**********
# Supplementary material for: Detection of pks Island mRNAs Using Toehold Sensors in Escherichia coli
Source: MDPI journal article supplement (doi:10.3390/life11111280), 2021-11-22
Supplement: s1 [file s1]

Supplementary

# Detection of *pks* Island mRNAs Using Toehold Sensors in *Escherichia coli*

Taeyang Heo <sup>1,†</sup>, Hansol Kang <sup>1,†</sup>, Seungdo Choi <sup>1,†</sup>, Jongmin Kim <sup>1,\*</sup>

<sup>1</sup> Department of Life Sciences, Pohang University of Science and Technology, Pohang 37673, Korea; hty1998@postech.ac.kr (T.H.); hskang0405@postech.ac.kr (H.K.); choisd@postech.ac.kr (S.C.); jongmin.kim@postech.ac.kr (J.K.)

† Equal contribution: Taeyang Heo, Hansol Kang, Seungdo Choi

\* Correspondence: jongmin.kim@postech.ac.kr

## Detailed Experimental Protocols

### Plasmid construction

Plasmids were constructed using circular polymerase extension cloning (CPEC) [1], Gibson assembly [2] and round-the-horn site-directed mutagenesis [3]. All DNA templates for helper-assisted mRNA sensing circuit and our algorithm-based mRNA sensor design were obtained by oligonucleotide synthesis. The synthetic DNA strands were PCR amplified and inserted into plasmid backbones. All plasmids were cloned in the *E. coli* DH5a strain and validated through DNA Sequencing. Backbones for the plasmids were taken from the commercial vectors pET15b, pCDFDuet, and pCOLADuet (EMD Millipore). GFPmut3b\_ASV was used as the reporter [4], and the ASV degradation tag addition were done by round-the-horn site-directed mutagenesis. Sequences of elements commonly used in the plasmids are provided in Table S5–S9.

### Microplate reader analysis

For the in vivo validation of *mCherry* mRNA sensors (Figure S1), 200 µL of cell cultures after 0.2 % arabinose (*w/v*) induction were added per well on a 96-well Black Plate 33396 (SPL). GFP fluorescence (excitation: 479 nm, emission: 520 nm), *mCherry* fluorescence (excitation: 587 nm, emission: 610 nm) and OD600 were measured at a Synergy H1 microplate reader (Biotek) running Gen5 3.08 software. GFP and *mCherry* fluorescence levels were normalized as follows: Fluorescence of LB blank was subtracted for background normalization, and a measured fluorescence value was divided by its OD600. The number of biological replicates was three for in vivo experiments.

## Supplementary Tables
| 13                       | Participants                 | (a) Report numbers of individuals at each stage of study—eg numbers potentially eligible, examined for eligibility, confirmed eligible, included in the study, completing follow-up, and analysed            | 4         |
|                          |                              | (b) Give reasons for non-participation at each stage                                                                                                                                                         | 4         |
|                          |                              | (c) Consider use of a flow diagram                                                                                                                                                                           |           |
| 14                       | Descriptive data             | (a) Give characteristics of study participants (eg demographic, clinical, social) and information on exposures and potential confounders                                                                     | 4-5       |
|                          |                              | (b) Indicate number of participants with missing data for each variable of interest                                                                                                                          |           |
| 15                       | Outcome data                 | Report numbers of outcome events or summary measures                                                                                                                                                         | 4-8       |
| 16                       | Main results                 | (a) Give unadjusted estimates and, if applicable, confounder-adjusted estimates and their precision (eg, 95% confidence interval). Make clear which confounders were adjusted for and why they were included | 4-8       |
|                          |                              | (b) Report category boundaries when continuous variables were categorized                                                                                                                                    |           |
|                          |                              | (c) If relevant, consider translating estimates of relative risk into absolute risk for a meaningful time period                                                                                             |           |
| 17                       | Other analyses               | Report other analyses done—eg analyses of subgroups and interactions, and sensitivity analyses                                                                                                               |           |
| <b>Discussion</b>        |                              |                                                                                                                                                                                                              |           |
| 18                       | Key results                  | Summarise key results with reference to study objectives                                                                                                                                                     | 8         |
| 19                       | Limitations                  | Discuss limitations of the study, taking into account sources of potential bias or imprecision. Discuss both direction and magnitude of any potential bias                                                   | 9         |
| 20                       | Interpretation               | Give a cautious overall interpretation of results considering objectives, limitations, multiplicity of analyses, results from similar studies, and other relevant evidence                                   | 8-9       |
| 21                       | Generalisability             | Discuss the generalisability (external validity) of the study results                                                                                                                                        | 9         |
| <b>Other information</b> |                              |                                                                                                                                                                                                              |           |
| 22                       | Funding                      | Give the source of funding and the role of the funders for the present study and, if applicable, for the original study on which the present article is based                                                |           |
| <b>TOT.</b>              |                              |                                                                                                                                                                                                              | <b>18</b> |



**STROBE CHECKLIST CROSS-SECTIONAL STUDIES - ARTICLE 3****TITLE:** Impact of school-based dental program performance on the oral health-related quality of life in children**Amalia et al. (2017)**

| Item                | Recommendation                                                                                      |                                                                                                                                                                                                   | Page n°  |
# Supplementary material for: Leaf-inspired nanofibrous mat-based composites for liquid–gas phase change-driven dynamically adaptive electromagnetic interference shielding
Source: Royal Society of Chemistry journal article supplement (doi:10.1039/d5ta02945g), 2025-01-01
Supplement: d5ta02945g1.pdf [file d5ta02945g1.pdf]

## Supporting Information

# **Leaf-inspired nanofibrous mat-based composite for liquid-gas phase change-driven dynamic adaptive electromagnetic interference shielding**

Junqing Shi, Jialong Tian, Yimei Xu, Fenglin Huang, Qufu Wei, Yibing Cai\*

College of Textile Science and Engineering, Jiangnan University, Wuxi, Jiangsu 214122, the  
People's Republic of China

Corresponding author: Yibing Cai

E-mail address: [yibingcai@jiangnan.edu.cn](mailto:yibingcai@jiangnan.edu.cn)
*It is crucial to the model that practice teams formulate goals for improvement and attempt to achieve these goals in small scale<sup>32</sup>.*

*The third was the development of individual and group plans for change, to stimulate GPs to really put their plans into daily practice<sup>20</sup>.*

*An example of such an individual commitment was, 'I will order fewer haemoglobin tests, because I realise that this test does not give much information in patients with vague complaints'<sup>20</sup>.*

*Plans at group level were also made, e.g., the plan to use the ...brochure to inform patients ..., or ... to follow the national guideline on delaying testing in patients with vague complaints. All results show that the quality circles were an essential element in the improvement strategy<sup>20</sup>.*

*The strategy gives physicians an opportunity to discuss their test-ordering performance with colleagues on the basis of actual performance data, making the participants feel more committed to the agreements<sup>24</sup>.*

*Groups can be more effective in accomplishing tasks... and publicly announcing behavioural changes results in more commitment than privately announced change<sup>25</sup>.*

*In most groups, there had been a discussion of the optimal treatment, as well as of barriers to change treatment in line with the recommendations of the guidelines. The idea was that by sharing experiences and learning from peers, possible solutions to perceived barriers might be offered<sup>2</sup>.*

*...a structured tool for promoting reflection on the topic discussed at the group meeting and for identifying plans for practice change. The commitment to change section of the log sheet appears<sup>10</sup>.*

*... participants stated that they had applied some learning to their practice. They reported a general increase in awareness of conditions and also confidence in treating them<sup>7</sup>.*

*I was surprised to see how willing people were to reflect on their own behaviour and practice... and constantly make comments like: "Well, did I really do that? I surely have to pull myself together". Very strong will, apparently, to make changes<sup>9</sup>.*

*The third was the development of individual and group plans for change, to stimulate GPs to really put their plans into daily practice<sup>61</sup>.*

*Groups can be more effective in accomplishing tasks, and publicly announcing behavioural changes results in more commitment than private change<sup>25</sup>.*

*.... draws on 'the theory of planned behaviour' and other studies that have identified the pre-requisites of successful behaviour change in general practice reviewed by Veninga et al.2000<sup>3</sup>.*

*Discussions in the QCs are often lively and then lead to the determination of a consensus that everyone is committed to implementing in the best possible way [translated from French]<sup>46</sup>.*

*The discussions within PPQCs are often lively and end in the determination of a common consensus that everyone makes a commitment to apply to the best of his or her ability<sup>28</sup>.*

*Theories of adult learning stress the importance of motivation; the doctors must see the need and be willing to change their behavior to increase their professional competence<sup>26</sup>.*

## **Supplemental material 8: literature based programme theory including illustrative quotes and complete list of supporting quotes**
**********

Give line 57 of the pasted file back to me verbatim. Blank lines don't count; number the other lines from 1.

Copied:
*Groups can be more effective in accomplishing tasks, and publicly announcing behavioural changes results in more commitment than private change<sup>25</sup>.*